You are absolutely 100% correct in the battery life that you will gain by changing to LED. I seem to recall that the battery will last three times longer switching to Led over the regular filament type.
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Old 06-01-2013, 01:17 PM   #8
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Originally Posted by kayakcrazy View Post
They say as you get older that the brain is the first thing to go. To the Gruggers I apologize for not mentioning that my Kodiak 242RESL has wedge shaped bulbs and like Cooper's they are sometimes hard to get out. Sorry I missed that in my original post. Would it help removing the whole fixture so you can see and gain a better grasp of the bulb.
You are absolutely 100% correct in the battery life that you will gain by changing to LED. I seem to recall that the battery will last three times longer switching to Led over the regular filament type.
Longer battery life is so very true. I witnessed this the other day when I was checking out the lights on our new rig. I started by turning on the LEDs. With each switch thrown there was zero difference in briteness when I turned o. Just these incandescent (MEDICENE can in bathroom) the LEDs all dimmed down
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Old 08-01-2013, 06:51 PM   #9
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L. E. D. Bulbs use about 1/8 to 1/10th the power of incandescents. Pay attention to the kelvin and lumen ratings ( color and brightness). They are amazingly bright and efficient. Pricey, yes. But they are worth the money at least in key fixtures. It saves lotsa grief in my rig because I don't get in trouble anymore for walking behind my wife switching lights off. 10 fixtures on now use the power of 1 old one.
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Old 08-01-2013, 07:27 PM   #10
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Originally Posted by kayakcrazy View Post
I've been doing a little research of my own and there's five things you have to consider: 1) Colour tone of the bulb (cool white, warm white, etc.) 2) lumens or output. Where am I going to use this bulb? A bulb in the living room watching television will be different then the one in the bathroom where you're pulling out slivers or shaving 3) what base do you need - bayonet, wedge etc. The forth thing to consider is packaging - you can purchase the same bulb (colour, lumens etc.) in different configurations so each application will be different depending on the housing you're putting it into. The final decision is price. I've decided on the bulbs I want and am now waiting for the price to drop. A warning here is to watch where you purchase your bulbs. You may get a cheaper bulb on the Net but does it get so hot that it melts the plastic housing or worse yet start a fire.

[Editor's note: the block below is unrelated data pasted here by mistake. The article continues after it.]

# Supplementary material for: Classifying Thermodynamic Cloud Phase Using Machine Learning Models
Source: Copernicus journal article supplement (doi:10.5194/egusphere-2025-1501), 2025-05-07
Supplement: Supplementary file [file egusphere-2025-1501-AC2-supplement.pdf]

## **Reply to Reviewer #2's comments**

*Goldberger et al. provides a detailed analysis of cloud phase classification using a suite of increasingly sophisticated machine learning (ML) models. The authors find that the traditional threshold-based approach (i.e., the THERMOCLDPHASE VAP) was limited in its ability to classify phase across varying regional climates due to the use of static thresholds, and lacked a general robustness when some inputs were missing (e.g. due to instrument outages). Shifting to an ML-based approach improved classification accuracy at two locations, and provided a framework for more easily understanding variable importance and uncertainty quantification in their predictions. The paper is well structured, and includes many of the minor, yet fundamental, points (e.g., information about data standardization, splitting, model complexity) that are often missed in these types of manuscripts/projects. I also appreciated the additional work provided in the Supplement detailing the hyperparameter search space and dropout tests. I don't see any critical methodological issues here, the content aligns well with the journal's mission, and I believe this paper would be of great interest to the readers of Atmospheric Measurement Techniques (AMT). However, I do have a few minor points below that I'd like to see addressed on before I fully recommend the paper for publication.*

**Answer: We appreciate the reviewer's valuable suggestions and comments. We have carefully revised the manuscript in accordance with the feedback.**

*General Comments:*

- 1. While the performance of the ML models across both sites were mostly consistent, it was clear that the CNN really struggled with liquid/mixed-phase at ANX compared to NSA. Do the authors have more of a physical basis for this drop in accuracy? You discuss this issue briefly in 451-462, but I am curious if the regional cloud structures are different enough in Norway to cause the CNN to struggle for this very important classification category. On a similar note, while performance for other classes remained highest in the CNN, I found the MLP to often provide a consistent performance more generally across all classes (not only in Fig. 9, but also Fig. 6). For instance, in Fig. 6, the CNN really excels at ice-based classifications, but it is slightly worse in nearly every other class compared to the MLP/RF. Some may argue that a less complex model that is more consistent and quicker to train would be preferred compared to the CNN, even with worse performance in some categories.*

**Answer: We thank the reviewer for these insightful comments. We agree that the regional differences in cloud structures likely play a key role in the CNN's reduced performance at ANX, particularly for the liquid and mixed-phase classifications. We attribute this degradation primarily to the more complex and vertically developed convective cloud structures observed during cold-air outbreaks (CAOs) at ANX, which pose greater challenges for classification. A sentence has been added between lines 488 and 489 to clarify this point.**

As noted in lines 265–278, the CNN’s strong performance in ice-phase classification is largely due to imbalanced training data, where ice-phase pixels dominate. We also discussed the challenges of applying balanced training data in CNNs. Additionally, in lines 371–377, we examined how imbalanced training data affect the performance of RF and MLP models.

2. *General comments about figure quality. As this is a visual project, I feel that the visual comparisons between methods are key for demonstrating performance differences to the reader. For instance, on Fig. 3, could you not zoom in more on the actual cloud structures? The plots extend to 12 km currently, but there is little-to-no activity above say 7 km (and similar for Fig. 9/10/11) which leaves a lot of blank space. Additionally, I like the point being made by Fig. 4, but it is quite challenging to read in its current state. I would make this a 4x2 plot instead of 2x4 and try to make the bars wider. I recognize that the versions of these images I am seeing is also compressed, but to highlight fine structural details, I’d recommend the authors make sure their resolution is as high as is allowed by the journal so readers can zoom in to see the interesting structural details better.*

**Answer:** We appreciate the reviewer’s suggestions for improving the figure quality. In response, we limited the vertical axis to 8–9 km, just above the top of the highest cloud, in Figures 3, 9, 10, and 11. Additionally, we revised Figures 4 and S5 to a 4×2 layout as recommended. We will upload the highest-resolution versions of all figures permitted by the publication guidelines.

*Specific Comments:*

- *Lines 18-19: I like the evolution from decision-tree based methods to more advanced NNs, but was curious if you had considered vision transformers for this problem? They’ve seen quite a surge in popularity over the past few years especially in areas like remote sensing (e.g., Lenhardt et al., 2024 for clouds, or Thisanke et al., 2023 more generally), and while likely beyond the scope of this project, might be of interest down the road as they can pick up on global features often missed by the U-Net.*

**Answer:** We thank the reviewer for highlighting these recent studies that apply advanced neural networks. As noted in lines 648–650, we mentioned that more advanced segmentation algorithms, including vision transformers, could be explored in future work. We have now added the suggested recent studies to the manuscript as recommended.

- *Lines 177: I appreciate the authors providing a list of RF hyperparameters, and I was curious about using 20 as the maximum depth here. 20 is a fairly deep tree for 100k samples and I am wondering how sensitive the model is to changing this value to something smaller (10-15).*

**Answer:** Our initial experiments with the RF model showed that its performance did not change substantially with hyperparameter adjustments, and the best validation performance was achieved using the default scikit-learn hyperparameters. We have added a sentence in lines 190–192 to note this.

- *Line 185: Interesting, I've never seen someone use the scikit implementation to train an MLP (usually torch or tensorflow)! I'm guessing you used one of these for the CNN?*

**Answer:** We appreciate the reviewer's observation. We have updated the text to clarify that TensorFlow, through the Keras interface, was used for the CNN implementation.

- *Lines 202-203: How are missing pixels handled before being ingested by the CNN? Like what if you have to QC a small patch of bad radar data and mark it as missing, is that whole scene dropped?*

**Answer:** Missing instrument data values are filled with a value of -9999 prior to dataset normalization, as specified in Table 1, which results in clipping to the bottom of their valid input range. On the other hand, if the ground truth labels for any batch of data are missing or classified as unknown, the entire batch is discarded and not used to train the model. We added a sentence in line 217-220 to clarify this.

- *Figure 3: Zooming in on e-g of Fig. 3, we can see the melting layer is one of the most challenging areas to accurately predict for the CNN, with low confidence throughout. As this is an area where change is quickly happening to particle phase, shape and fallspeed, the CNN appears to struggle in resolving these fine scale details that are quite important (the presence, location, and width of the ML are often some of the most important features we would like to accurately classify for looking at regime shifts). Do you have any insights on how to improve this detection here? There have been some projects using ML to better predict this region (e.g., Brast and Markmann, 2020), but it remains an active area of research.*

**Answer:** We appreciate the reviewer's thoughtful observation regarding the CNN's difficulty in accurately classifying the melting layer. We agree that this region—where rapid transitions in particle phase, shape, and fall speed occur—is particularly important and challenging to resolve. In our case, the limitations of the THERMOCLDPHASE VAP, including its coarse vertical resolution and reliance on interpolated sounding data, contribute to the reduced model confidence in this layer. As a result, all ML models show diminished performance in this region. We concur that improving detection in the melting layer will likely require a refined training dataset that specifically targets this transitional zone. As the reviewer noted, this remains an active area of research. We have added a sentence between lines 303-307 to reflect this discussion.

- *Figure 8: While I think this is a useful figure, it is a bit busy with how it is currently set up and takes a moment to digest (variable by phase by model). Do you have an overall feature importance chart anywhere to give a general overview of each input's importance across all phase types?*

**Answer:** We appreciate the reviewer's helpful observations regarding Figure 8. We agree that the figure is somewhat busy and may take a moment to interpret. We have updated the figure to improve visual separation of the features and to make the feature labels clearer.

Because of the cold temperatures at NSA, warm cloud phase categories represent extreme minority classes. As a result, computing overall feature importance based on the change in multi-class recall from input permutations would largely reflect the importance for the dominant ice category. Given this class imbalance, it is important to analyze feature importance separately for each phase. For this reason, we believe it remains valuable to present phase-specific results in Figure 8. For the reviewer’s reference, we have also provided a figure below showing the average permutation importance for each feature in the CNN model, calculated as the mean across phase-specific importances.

Right now for my DW and myself there's no hurry to purchase the bulbs so we will wait for the conditions to be right before we do the change out. An RV could cost you upwards to $200.00 to make a complete change, so choose wisely.
If you are melting housings with LEDs then you are allowing to much current to pass through the LED, therefore creating the extreme heat. With the proper sized current limiting resistor the LED will operate as it should, no heat output.
Not all LED packages come with built in resistors so you'll need to know if the ones you are purchasing have the resistors included in the package. If not you'll have to add them for proper effiency.
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Old 08-02-2013, 12:28 AM   #11
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Sundance...the current limiting resistor is news to me. What is the shape of the resistor and where is it placed?? Is it inline on the power side that you must wire in?? Is that only on bulbs you install or all LED lights?? I have LED lights all over my golf cart and my Motorcycle.. No resistors there unless they are built in.. Tell me more please.